The quick answer, for those that need to know now is, naturally enough, you are never too old to change careers. If I wanted to be dogmatic I’d point you to articles on the American Grandma Moses and tell you to get inspired. Maybe even ask you to Google the 99 year old lady with a brand new law degree who’s forging ahead to get her ‘Doctorate’. But I won’t.
Too many people put up with jobs they hate
How many friends and family… and work mates do we know that hate their jobs? Many will tell us, usually agonisingly so, just how much they hate their work and then admit to being in that career for years. Sometimes for decades. They tell you they are too old to change careers, and that excuse seems to satisfy them. Yet it seems an impossibly stupid thing to do, staying in a career that does not give us the stimulation or satisfaction we crave. But so many of us do, our sanity saved only by our imagination and the daydream of being somewhere else and doing something else.
And what of the reasons we give for staying in a career that we don’t love? ‘I need the money’. ‘The boss can’t survive without me’. ‘I am loyal,’ ‘It’s a job and it’s close to home’. The excuses are a dime a dozen and they all sound the same. The excuses we use are usually quite interchangeable. We can apply them to our health and our relationships as well, e.g. ‘I needed her money’.
Make your own plans
I heard Nigel Marsh, author of Fat Forty and Fired, say (in a TedX event) recently that if you don’t have plans for yourself, someone else will make you part of their plan. And that’s what we do, willingly hand over our soul and trade our own daydreams for the right to help someone else buy their yacht!
The saddest part is when we have traded much of our life in the name of meaningless loyalty, we find that the loyalty is not reciprocal. The words, “I’m sorry, we are moving in a new direction and you don’t fit as part of our future,” signal there is someone out there that can help our ex boss get that yacht faster and we are gone. As each year passes, the chance of winning the ‘order of the boot’ out of the employment door rises. And then there is always the chance that we screw up and get fired!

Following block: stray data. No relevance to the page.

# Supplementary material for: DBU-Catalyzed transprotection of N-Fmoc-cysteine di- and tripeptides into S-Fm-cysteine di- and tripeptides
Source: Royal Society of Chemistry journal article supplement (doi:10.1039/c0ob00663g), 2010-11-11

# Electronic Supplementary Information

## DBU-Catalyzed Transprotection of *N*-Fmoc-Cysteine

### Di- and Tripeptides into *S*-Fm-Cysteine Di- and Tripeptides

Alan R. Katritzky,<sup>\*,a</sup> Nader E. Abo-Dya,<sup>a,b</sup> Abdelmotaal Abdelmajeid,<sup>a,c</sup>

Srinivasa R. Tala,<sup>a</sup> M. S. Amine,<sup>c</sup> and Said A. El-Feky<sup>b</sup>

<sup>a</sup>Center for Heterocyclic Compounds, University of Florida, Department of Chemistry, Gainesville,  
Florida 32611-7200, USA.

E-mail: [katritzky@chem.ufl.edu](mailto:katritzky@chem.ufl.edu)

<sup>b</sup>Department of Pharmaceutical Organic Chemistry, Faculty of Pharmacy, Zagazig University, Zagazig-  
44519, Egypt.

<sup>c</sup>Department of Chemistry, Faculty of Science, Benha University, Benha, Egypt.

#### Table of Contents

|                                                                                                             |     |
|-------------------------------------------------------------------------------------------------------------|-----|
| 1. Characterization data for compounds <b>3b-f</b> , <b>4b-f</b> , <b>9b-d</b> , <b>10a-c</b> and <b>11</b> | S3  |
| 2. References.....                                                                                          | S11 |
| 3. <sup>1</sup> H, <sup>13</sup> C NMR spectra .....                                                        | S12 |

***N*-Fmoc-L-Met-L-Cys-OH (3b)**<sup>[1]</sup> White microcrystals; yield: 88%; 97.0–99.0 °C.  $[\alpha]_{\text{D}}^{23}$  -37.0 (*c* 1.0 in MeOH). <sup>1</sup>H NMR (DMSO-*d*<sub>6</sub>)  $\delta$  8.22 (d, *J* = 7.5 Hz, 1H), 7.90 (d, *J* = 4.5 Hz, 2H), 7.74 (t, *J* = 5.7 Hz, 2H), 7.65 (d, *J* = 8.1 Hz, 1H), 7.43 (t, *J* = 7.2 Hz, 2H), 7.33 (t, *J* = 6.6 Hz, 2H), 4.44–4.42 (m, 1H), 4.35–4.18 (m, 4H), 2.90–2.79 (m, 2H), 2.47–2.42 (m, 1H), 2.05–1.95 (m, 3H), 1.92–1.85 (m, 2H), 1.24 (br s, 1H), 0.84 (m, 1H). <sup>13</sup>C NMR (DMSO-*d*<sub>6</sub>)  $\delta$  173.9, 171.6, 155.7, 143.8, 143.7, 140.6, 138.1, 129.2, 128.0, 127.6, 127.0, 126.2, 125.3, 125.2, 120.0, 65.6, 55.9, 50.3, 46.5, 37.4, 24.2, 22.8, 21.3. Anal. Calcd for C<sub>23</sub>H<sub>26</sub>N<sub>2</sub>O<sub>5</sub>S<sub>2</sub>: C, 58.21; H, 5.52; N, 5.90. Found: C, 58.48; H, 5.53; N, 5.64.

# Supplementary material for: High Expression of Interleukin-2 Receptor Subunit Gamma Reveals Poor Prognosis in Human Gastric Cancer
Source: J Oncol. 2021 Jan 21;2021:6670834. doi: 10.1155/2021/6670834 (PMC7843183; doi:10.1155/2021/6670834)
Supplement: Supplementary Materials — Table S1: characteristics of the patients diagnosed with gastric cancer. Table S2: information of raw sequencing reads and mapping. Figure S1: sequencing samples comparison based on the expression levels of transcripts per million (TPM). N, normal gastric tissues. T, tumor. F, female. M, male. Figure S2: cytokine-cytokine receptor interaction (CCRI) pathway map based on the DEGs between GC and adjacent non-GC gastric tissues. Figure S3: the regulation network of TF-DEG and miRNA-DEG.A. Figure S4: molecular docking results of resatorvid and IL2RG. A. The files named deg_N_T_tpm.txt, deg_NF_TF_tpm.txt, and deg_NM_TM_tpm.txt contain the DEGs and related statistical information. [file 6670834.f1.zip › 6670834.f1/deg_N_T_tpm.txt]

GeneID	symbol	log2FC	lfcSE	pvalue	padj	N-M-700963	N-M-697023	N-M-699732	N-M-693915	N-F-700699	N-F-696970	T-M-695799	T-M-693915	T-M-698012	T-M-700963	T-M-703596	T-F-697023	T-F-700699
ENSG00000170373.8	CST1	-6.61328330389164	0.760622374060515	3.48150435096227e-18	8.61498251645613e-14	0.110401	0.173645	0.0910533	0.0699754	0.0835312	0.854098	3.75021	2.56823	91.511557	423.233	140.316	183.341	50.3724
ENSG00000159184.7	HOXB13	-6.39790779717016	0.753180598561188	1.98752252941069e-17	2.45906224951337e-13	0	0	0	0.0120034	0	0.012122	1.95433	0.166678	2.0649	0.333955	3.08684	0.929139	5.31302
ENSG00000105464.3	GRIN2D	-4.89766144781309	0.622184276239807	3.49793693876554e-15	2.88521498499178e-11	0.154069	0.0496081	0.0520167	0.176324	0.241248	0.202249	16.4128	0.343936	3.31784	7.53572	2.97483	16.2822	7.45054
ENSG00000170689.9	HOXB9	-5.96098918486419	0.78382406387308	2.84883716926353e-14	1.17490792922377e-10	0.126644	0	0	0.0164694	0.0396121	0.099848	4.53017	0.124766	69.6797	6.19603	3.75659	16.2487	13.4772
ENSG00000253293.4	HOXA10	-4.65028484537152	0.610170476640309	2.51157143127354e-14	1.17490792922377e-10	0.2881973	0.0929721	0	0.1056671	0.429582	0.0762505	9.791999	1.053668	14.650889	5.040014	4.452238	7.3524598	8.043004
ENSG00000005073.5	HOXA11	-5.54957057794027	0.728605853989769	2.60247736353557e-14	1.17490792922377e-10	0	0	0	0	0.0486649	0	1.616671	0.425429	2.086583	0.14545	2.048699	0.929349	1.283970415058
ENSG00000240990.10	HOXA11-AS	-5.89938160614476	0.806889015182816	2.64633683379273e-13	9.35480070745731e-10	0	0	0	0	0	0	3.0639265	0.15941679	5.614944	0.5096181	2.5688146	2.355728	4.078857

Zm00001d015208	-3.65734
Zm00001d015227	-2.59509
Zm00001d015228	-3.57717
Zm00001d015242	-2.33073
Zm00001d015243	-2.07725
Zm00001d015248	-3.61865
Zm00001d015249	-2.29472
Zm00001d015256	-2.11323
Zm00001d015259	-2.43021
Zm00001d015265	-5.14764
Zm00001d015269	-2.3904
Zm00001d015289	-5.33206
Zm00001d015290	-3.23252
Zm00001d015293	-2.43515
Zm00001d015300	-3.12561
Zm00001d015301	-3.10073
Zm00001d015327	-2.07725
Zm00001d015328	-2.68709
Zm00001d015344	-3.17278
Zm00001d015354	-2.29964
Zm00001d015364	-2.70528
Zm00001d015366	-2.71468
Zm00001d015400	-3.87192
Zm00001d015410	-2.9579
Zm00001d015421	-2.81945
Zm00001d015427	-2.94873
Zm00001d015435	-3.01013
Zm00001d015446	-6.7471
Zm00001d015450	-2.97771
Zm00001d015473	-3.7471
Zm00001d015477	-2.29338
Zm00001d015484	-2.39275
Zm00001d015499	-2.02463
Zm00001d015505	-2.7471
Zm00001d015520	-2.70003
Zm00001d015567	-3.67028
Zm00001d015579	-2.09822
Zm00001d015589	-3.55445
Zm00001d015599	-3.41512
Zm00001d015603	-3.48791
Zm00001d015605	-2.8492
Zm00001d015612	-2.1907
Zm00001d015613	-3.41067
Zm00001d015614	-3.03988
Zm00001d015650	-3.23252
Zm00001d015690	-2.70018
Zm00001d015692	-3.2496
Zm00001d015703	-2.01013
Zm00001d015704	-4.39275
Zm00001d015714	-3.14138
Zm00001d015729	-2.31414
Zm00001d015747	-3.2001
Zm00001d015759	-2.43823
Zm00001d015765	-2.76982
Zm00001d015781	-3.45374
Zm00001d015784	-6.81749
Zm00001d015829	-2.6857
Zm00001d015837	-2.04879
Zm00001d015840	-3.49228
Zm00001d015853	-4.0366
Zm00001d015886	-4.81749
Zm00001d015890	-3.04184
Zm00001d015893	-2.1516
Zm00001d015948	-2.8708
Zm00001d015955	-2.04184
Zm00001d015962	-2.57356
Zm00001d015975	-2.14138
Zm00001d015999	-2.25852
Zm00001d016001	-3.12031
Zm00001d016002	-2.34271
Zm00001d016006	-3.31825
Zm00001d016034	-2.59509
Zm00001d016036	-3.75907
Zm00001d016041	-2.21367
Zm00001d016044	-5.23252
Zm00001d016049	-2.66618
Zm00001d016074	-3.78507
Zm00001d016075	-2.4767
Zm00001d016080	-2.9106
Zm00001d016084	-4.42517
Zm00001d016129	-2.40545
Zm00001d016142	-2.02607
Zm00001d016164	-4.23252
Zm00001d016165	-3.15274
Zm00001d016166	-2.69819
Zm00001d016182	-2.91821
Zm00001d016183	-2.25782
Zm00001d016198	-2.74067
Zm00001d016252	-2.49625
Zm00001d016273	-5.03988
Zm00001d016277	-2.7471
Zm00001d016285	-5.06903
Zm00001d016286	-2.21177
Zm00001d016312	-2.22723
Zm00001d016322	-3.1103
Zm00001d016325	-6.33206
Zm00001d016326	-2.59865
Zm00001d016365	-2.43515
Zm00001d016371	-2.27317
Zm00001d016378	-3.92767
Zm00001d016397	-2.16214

Rather than take stock of ourselves and what we really desire, the action we’ll most likely take is to find another similar job and work to help the new boss get the harbourside mansion. Contrary to the song lyrics, history almost always repeats. The bone jarring question is, ‘Why’? Is it fear? Uncertainty? Or have we accepted that what we have always done is what we must always do? And therein lies perhaps the greatest excuse. Somewhere back in immaturity, we made a decision on what we thought we’d like to do and then invested time, money and some of our soul into making that immature decision work in with adulthood.
Too old to change careers? Or unsure what to do?
The world is full of self snared workers still willing to trade their futures for their past or because of their past. An unhappy dentist may cry, “but you don’t understand… it took me eight years of education to be a dentist. I can’t throw all that away”! The same guy owning an investment property for 8 years would sell in a New York minute if he knew the stakes were going down on property. It’s in our nature to hold on to what we have because of our past, but doesn’t it really have more to do with our future? No matter how much time we have left?
If we look to the future we have big decisions to make. And still so many of us don’t really know exactly what we’d do if we were allowed to do anything. And of course, we are allowed.
Over many years, I have submitted myself for psychometric testing for employment, allowing myself to be categorized to see if I was suitable to the needs of others. I’d be told I was a ‘high D’ in DISC and an ENTP in Myers Briggs, but I never considered what that meant for me. I’m maybe slow, but it was only a few years ago that it struck me that I could do this style of profiling on me, for me.
The downside was I got to label myself. The upside was that I was liberated, given the freedom to be me, and shown how I could play to my strengths and recognize the strengths of others, allowing them to play those to their advantage. This knowledge allowed me to change careers, aged forty nine.
Seven tips to navigating career change at any age
1. Look to the future and how you want to spend your remaining time, rather than to the past.
2. Make plans (set goals) for you before you become part of someone else’s plan.
3. Be loyal to yourself first and give your loyalty wisely to others. Loyalty is not innate nor unconditional.
4. Confirm or refine your potential through utilising the many tools available. I like the Wealth Dynamics test at a cost of around $100US. I did it and it is my favourite for now, but you choose. Google Psychometric tests or career profiles and research before you pay.
5. Find / create / join a mastermind group and surround yourself with people that have complementary skills to you. You may find that this group will help you turn what you’d do for free into something that can earn you an income.
6. When you do step up and begin to do what you love, the first thing you will notice is that some one will appear from nowhere to try and knock you down. If it’s a total stranger, you are going places.
7. It really is only about the time we have left.
Remember: You are never too old to change careers. [Reposted March 28 2019]